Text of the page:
GRACANICA, Bosnia (Reuters) - Dozens of breakaway Muslim community groups in Bosnia face shutdown by police for rejecting the authority of the moderate national Islamic organization and radicalizing young men who have left to join Islamist insurgents in Syria, officials said.
Most of Bosnia’s Muslims, known also as Bosniaks, are moderates well integrated in its widely secular society, which also comprises Orthodox Serbs and Catholic Croats.
But during and after Bosnia’s 1990s ethnic war, some came under the sway of foreign Islamist “mujahideen” who slipped in to fight in support of Bosnian Muslims against nationalist Serbs and Croats, fostering more radical forms of Islam.
Echoing the experience of other European countries with Muslim communities, more than 150 Bosnians have gone to fight alongside Islamist militants such as Islamic State in Syria and Iraq over the past few years, police say. More than 50 have returned to Bosnia and about 30 were killed in combat.
Bosnian Security Minister Dragan Mektic said this week that police would soon shut down Muslim community groups that refuse affiliation with the state-recognized Islamic Community organization based in the capital Sarajevo.
“It is correct and true that criminals who have made fascist and violent threats against us from the Middle East have been members of these illegal community groups,” an editorial on the Islamic Community’s website said on Friday.
It was referring to death threats sent via the Internet this week to Bosnia’s top Islamic cleric, Grand Mufti Husein Kavazovic, by a Bosnian believed to be fighting in Syria.
The man who made the threats came from a village adjacent to a breakaway Muslim community, one of 64 in Bosnia, in the northeastern village of Gracanica, according to Bosnian media.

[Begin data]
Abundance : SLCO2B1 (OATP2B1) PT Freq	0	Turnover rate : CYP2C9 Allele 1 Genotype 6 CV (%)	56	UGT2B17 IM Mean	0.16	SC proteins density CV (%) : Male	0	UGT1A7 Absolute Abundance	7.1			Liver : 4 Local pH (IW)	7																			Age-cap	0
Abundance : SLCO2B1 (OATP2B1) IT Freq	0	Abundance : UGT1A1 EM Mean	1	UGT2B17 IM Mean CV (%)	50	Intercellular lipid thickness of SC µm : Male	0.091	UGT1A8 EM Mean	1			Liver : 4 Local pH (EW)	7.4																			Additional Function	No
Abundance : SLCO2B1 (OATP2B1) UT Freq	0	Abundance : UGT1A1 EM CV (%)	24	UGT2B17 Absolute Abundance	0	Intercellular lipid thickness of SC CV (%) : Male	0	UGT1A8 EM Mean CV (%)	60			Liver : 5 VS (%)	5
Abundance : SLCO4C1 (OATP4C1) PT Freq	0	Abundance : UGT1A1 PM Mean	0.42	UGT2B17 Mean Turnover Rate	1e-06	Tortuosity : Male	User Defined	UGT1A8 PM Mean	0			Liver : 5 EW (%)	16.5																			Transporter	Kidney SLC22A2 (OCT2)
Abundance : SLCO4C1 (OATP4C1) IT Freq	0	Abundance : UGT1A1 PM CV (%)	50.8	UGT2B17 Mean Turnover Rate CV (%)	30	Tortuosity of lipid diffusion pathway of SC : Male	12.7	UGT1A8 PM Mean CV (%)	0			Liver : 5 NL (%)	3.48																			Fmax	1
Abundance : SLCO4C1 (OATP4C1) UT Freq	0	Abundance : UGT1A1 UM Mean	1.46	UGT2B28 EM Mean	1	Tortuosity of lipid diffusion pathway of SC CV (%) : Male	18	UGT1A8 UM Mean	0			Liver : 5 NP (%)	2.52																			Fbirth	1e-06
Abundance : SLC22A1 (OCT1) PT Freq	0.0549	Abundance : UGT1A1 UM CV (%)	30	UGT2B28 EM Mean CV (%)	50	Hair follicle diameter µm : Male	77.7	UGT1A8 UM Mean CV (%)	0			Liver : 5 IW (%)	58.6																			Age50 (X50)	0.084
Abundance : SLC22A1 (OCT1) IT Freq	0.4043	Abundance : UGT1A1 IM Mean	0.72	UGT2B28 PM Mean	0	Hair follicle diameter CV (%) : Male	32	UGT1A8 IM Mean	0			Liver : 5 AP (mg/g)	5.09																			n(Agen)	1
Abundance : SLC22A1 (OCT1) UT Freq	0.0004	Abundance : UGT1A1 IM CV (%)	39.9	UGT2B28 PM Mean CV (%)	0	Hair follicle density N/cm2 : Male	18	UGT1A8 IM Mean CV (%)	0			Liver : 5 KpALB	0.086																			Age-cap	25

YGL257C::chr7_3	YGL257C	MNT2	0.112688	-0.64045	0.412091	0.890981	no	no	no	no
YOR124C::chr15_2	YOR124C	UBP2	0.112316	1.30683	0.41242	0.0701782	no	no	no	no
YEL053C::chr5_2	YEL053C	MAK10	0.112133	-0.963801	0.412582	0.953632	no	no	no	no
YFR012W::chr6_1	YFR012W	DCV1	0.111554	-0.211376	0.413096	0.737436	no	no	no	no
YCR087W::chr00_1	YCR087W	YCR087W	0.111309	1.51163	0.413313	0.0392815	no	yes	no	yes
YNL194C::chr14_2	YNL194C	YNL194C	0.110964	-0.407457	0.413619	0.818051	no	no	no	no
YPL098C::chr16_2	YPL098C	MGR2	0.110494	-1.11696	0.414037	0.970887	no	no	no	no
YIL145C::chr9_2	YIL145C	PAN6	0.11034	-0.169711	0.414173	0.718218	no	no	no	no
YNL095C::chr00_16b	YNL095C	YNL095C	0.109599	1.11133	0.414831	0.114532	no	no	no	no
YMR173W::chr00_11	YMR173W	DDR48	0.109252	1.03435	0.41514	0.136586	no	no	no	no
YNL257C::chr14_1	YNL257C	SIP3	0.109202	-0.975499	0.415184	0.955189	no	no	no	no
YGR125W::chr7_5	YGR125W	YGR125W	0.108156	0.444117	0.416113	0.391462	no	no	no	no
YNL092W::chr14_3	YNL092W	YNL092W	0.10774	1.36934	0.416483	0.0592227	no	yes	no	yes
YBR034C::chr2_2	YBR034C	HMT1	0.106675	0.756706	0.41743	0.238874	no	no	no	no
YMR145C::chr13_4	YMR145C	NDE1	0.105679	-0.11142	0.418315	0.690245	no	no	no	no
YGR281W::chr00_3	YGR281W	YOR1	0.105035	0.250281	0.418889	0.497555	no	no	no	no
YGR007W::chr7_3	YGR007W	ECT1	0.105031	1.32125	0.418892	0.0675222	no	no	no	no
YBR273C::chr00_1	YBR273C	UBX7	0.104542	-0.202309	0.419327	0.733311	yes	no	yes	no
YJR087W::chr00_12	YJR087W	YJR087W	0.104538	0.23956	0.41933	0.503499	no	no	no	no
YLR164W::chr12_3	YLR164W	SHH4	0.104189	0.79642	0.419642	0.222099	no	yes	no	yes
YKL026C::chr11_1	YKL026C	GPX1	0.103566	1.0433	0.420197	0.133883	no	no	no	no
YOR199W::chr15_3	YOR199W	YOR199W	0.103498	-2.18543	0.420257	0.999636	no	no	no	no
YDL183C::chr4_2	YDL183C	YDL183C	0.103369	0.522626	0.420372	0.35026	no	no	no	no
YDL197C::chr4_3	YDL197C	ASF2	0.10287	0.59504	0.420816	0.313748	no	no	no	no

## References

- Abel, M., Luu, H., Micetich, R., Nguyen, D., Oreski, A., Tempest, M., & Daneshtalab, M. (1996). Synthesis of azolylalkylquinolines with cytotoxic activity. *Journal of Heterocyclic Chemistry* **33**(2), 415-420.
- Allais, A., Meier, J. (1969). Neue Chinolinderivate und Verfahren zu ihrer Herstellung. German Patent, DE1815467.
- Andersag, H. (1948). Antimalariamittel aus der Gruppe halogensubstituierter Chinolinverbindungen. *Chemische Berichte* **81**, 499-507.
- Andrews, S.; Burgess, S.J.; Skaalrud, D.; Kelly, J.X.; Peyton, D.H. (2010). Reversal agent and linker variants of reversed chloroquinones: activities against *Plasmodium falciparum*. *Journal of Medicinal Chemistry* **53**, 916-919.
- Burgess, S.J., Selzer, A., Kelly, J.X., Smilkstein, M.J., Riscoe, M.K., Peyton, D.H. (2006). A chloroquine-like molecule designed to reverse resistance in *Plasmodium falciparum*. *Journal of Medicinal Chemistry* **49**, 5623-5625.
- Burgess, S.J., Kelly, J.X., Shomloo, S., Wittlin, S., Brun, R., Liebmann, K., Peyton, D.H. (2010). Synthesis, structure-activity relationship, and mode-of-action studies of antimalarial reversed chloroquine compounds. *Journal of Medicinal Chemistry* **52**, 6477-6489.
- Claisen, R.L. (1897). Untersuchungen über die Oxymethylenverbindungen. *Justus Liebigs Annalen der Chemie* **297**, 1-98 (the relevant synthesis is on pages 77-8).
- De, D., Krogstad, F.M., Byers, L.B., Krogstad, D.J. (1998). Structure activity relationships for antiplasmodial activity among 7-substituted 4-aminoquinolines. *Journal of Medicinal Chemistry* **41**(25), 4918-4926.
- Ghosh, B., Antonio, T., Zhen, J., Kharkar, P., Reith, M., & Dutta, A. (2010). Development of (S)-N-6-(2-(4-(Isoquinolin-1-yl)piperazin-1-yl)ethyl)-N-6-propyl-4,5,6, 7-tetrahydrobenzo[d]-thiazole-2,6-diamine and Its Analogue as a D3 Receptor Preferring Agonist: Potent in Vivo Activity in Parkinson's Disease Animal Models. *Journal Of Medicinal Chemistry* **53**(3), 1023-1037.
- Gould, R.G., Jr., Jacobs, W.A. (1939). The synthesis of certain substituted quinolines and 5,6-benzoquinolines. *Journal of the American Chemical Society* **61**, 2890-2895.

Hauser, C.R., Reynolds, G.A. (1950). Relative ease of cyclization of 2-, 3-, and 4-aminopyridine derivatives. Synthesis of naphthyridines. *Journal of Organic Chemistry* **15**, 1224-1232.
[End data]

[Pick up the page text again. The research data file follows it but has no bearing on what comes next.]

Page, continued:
Fikret Duric, the Gracanica community leader, acknowledged that it had adopted a fundamentalist form of Islam but denied any connection with radicalized men going to join Islamic State or other Islamist insurgents in Syria and Iraq.
“They accuse us of organizing departures to foreign wars, which I absolutely deny,” said Duric, 39, sporting a long beard and traditional Islamic robe. “We don’t support the so-called (Islamic State) caliphate and will not help it in any way.”
The official Islamic Community organization has agreed to negotiations with dissident local groups that face having their centers of worship and study sealed by police in coming days.
But it defended the crackdown as vital to restoring order and unity among its faithful - who make up almost half of Bosnia’s population - and allow it to vouch for all its members.
“We live in a world where radical Muslims take actions with undesirable consequences, and the Islamic Community has decided to take stock of what we have in Bosnia, start a dialogue with them and call on them to come under our roof,” senior Islamic Community official Razim Colic told Reuters.
But Duric said tensions had been raised by repeated police harassment of his community. He said some members had been forcibly removed by police from their mosque after they stayed on for Koranic studies following prayers.
Dissident Muslims want mosques to be open 24 hours, one of their disputes with the mainstream Islamic Community.
“Going back under the Islamic Community roof would mean returning to where we started, but I fear that this time the problem may be bigger because our believers have got used to the freedom they have here,” Duric said.
Additonal reporting by Aleksandar Vasovic in Belgrade; Editing by Mark Heinrich